Performance premium Expected Profits: R-W(R) Unfavorable cntxt.(50%) Favorable cntxt. (50%) Low effort (e = 0) 10K$-1K$=9K$20K$-1K$=19K$ High effort (e = 1) 20K$-1K$=19K$ 40K$- 24K$=16K$ π(e=0) = 50%*9K$ + 50%*19K$=14K$ π(e=1) = 50%*19K$ + 50%*16K$=17.5K$ We can expect profits of 17,500$ because the agent should exert a high effort.
Revenue sharing If you use the following payment schedule w(R) = R – $18,000 if R > $18,000 w(R) = $1,000 otherwise What will your employee’s expected net benefit be if he exerts low effort? What will his net benefit be if he exerts high effort? What will he choose? What will your expected(?) profit be?
Revenue sharing If you use the following payment schedule: w(R) = R – $ if R > $ w(R) = $ otherwise Unfavorable cntxt.(50%)Favorable cntxt. (50%) Low effort (e = 0) EU(R) = 1000 $EU(R) = 2000 $ High effort (e = 1) EU(R) = 2K$-10K$ = -8K$EU(R) = 22K$-10K$ =12K$ Here too, high effort is the worker’s dominant strategy. EU(e=1)=2K$ > EU(e=0)=1.5K$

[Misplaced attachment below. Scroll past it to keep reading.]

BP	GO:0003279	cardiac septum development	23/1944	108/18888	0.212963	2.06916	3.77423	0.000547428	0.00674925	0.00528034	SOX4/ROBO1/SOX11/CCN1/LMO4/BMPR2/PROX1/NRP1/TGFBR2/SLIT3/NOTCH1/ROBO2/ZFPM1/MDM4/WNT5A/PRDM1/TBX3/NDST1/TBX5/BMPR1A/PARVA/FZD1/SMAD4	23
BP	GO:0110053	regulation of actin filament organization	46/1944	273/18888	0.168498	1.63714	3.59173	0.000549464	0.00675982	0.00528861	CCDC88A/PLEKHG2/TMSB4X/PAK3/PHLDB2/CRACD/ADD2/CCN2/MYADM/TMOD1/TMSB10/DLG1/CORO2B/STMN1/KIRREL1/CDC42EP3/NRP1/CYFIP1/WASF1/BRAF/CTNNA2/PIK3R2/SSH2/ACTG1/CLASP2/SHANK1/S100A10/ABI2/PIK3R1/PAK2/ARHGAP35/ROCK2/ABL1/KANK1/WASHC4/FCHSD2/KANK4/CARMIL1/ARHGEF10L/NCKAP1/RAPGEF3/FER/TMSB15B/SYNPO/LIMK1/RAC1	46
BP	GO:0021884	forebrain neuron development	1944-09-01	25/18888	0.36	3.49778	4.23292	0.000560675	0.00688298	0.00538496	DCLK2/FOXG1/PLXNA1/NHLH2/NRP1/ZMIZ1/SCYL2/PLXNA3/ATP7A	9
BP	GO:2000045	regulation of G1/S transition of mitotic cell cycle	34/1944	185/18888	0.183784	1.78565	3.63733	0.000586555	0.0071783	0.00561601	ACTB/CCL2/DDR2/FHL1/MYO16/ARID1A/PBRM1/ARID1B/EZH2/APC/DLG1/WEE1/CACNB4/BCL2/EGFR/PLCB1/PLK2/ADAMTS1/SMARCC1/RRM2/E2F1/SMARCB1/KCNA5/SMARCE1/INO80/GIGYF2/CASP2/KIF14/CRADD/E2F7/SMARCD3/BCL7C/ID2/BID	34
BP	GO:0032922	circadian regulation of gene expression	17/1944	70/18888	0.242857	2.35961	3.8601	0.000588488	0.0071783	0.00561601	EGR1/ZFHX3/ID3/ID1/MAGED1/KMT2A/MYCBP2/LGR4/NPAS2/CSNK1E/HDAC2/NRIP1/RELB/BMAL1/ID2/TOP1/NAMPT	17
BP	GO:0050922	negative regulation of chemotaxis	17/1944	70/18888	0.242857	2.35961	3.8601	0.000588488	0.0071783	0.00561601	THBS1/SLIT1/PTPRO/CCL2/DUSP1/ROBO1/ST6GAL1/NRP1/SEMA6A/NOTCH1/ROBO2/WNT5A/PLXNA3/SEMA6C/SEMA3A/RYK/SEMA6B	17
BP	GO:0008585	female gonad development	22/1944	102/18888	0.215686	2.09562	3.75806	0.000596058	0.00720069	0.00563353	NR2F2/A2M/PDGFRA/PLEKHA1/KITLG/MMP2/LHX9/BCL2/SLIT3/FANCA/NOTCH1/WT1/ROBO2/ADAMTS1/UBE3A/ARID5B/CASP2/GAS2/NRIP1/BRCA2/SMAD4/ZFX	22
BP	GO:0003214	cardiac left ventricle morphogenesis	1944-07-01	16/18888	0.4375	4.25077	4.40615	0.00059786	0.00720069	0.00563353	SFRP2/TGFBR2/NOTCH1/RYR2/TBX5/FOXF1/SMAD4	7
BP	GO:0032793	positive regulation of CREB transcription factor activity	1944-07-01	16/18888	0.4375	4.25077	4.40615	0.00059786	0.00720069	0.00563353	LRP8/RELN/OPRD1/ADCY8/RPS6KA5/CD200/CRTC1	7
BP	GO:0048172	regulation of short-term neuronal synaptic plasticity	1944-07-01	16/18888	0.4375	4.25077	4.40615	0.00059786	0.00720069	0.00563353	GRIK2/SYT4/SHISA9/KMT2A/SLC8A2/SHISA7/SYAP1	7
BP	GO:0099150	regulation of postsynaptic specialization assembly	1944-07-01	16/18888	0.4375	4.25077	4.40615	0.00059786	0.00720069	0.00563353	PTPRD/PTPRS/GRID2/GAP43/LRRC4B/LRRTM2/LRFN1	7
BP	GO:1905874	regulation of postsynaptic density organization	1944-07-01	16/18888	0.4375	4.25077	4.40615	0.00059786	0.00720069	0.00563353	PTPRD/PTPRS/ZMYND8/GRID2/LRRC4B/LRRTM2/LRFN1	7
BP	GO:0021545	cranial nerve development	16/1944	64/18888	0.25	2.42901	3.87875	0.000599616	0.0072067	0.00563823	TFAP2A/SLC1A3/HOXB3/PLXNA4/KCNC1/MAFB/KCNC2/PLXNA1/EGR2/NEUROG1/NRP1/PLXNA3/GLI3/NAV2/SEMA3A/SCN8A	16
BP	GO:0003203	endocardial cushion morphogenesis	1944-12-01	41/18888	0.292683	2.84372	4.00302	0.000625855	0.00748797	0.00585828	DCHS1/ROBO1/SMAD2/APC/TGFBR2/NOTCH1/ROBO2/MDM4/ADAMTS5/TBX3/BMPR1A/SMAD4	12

Revenue sharing Expected profits: R-W(R) Unfavorable cntxt.(50%) Favorable cntxt. (50%) Low effort (e = 0) 10K$-1K$=9K$20K$-2K$=18K$ High effort (e = 1) 20K$-2K$=18K$ 40K$- 22K$=18K$ π(e=0) = 50%*9K$ + 50%*18K$=13.5K$ π(e=1) = 50%*18K$ + 50%*18K$=18K$ We can expect profits of 18,000$ if the agent exerts a high effort.
Conclusions Our environment has an impact on our behavior incentives matter! Next: final exam
Exercise 10 As Chairman of the Board of ASP Industries you estimate that your firm’s annual profit is given by the table below. Profit ( ) is conditional upon market demand and the effort of your new CEO. The probabilities of each demand condition occurring are also shown in the table. Market Demand Low Demand Medium Demand High Demand Market Probabilities Low Effort =$5 million =$10 million =$15 million High Effort =$10 million =$15 million =$17 million